Follow this link to see exactly what the exhibit says about beef production.

I have no doubt that we can get this changed, but it will take a group effort as usual. I know that everyone is busy but we must always ask ourselves if we can afford not to act.

Have a great weekend.



If you wish to contact the American Museum of Natural History about this, please send an email to Charles McClean He is handling this now. I was supposed to hear something from them after Labor Day and after emails and call since then, they still aren't responding to my requests to visit about this subject. Please let them know that this discussion needs to take place. Thanks.



Maura said...

What are your proposed corrections to the information? Also, I follow your feed on Twitter, curious about food for cattle. I've seen your argument about grass not being accessible for cattle all year round. That makes perfect sense. Is that what hay/alfalfa is usually harvested for, winter fodder? Very honest question, I don't know much about feeding cattle. If so, why would corn be a better food for them? Thanks for the info.

Troy Hadrick said...

There are a couple things to deal with here. First is how are they calculating that it taked 600 gallons of water to produce a third of a pound of beef. My guess is that they are using some very outdated figures to dervie that number. And how far back are they going to add up those gallons, i.e. are they adding in the water it took to grow the seed corn and then the water it takes to grow the feed corn.

Next, we don't normally feed cows much grain at all. They will normally recieve some type of supplement in the winter time because of protein shortages that time of year, but rarely would they be fed a grain diet. Cows spend the majority of their life on grass raising calves.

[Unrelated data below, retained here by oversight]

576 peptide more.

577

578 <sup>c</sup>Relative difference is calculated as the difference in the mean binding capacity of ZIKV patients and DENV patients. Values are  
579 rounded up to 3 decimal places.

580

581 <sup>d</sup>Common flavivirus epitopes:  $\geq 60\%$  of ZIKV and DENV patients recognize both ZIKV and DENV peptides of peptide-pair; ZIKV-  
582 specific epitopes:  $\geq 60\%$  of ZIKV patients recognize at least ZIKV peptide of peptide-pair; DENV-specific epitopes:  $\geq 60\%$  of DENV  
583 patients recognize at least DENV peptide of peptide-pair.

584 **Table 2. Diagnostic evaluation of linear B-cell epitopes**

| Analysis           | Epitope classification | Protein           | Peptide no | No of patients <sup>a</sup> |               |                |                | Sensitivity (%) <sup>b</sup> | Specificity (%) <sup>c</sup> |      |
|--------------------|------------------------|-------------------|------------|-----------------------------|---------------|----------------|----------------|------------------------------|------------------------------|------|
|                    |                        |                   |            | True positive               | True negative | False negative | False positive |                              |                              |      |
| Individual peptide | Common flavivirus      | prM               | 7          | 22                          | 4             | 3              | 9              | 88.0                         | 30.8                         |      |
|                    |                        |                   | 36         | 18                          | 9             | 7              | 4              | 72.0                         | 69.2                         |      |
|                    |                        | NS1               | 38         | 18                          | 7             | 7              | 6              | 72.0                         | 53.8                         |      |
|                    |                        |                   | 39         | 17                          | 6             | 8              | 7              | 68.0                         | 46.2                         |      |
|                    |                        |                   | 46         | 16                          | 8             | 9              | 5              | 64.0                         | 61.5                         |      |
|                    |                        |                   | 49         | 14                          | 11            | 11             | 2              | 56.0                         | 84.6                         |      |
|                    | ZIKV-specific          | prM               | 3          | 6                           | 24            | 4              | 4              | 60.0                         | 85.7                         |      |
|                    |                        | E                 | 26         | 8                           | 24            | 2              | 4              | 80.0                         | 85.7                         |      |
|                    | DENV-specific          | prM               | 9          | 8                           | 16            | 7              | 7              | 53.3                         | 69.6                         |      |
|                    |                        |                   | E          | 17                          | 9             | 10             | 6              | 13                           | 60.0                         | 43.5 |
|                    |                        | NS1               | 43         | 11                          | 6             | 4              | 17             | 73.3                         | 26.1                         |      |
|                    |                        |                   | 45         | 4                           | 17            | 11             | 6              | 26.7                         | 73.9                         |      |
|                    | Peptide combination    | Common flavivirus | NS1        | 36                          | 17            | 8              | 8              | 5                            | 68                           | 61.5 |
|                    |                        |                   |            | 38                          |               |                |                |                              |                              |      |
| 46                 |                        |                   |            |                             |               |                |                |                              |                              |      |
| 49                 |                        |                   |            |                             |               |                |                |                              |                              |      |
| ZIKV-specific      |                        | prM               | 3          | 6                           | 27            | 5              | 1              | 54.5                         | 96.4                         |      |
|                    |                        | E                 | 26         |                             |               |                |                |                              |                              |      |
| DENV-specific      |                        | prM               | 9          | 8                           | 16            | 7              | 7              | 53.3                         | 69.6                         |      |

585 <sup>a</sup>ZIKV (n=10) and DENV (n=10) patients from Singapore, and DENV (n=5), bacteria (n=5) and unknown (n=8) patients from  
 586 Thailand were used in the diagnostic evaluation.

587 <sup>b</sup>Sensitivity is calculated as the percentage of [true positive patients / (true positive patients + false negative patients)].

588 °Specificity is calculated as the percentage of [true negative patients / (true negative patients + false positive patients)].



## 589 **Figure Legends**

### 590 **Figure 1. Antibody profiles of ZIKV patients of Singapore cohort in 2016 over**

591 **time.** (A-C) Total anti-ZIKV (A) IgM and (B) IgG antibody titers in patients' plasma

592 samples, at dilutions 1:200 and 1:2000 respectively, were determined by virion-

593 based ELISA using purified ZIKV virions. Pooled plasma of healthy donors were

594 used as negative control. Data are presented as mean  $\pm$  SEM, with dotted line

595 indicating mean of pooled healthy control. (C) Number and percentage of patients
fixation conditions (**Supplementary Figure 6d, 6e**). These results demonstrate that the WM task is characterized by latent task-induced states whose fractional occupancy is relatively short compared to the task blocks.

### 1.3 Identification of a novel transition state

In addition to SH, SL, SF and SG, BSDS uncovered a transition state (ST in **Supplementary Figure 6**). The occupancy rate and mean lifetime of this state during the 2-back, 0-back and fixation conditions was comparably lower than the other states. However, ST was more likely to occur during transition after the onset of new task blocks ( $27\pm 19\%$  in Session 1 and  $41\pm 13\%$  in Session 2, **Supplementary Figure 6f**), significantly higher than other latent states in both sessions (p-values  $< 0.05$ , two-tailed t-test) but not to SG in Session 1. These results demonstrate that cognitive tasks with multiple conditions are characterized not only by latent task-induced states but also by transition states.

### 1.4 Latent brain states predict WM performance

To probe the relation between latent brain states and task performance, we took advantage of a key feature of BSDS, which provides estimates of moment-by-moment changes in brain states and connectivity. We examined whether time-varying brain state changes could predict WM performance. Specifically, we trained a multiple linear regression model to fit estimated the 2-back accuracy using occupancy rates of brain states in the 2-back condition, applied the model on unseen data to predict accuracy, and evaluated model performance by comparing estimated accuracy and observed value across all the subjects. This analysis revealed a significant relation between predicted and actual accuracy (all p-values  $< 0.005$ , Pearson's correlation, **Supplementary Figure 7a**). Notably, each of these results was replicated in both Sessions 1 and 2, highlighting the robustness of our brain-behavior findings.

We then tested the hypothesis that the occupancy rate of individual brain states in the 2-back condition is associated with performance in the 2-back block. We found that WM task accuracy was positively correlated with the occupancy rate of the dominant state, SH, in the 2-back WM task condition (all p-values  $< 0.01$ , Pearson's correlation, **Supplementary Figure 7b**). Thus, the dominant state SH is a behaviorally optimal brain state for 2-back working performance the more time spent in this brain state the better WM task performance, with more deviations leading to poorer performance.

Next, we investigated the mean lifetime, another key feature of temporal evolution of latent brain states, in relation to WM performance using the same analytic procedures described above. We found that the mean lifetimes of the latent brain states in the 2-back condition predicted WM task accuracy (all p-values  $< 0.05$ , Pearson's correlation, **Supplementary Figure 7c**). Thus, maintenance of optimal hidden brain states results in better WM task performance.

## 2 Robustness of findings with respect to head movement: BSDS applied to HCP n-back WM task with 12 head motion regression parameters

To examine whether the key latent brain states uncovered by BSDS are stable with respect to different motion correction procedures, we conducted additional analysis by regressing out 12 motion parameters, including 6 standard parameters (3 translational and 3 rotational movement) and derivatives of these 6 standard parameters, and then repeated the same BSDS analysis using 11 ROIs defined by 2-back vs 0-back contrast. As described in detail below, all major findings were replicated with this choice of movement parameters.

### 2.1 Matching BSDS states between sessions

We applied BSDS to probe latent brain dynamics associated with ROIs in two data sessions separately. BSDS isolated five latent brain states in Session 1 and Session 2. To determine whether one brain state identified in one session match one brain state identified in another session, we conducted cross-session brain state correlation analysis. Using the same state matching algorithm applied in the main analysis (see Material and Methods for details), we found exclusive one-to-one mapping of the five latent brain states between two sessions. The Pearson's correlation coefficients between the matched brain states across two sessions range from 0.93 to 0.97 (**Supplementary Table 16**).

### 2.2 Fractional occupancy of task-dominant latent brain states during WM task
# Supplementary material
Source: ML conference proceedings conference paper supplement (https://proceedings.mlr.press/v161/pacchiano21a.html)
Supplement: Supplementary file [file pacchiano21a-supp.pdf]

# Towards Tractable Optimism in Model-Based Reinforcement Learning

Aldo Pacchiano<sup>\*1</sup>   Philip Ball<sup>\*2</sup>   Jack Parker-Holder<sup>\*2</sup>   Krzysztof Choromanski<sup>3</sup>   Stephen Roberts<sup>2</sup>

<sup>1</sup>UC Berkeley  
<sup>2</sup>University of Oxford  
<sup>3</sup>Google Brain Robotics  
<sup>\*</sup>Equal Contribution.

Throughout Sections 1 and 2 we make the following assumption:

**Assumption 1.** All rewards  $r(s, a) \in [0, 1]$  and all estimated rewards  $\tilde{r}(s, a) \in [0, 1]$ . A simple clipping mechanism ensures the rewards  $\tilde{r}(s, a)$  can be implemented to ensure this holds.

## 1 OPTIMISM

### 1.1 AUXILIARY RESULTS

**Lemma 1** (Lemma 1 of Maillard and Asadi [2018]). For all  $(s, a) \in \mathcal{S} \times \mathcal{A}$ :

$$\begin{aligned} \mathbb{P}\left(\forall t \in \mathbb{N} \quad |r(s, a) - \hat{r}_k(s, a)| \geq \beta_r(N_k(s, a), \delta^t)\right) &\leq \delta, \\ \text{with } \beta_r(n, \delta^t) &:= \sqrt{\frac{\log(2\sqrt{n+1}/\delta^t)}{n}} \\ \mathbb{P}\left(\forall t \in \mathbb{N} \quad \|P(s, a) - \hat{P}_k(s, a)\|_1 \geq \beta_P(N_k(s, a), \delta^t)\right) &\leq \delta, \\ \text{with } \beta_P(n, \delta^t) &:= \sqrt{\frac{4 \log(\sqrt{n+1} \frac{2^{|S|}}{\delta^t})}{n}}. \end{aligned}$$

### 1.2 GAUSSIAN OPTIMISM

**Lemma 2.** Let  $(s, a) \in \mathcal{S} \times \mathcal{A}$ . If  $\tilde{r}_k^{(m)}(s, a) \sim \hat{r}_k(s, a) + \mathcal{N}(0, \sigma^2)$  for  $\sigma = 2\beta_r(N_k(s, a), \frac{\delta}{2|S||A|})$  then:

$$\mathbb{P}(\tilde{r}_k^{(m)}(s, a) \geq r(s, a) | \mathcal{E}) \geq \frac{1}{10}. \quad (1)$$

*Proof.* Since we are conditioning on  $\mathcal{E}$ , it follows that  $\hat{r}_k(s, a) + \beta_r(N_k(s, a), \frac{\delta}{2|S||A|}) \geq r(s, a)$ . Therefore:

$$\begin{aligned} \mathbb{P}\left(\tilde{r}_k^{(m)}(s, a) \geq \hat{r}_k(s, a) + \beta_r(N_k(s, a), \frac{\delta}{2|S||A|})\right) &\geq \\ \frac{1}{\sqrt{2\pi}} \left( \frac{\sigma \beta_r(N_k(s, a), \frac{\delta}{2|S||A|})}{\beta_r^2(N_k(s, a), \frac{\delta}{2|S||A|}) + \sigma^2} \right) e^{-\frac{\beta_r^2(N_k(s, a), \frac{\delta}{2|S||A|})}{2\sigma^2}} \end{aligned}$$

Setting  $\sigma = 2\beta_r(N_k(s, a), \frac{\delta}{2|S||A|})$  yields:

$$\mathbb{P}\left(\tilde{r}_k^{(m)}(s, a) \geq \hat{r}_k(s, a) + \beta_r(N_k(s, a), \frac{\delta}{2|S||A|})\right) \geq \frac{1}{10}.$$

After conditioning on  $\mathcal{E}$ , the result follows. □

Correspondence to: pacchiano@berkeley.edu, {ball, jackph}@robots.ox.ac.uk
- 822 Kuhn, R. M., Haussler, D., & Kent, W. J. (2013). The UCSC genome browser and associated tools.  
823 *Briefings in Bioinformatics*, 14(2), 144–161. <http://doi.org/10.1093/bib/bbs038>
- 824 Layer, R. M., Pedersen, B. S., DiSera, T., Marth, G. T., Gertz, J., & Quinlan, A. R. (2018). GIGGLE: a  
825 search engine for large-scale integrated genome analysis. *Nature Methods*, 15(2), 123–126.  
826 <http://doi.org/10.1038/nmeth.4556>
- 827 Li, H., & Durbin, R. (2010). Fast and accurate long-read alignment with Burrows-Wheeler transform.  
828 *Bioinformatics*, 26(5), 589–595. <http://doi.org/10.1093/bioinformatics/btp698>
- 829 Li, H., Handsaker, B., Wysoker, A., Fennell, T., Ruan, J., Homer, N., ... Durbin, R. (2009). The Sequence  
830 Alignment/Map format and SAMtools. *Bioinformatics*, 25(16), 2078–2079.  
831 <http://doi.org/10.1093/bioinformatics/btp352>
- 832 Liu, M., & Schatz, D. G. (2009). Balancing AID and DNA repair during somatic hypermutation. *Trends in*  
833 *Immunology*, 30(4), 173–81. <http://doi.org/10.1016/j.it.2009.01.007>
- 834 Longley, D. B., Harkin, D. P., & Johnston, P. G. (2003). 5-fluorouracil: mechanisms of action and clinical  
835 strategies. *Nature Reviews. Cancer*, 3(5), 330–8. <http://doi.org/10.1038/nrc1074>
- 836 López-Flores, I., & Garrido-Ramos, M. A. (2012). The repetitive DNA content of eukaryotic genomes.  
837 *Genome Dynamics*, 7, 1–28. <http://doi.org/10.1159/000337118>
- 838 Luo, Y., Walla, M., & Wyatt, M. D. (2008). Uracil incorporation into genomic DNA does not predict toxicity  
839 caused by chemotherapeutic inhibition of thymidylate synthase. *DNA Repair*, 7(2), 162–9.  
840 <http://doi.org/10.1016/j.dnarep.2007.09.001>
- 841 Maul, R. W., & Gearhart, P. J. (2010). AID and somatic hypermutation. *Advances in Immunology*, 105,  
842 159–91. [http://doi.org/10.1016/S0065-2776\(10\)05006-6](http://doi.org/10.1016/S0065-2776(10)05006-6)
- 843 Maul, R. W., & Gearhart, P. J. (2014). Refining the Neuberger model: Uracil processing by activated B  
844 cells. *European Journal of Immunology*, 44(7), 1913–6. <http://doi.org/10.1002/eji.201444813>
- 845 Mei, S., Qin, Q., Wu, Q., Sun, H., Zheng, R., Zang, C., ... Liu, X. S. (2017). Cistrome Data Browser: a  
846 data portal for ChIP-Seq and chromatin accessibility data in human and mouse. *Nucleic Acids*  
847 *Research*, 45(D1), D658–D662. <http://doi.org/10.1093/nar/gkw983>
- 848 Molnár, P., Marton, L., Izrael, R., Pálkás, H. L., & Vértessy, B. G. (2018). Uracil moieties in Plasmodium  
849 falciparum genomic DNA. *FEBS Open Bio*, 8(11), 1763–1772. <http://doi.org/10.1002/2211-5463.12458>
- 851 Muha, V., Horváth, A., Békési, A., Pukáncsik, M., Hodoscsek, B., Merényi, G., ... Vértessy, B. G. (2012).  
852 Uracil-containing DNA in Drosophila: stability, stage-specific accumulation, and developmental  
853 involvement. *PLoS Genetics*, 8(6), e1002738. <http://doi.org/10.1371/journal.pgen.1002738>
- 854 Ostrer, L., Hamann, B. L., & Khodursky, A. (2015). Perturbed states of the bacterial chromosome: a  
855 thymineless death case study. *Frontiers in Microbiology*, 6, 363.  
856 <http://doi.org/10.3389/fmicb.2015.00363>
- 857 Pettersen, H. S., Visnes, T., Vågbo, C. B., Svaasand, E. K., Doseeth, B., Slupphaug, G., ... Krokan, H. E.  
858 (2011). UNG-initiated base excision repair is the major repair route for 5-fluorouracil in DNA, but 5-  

It also suggests that all feedlots will have a manure spill and they already are polluting the environment.

Hay and alfalfa are used for winter feed normally. Most of the time, cows will winter just fine with that type of supplement.

Yearling cattle over the winter need a better diet than that though in order for proper growth. It's not a corn or hay debate, normally corn is used in a ration that also includes hay or alfalfa because it is a very energy dense feed. And, corn provides many of the nutrients that hay lacks, so it becomes pretty easy to offer these cattle a scientifically formulated and balanced diet by building a ration that includes corn and hay together. Many times the entire corn plant is fed to these growing cattle as well. It is called silage.

You must also understand that not all hay is equal. Some of it doesn't do much more than fill their bellies and still elaves their body empty of nutrition. Soemtimes during extreme weather conditions, a more energy dense feed is needed and corn works very well.

Just like with everything in life, moderation is the key. Feeding these growing cattle too much corn too fast can cause them to have some digestive problems. If this occurs it can be life threatening for the animals. This is why proper management is very important. That last thing that any of us want is a sick animal.

Corn is just one ingredient that we use to make sure that growing cattle have a balanced diet so that they can perform at their highest level.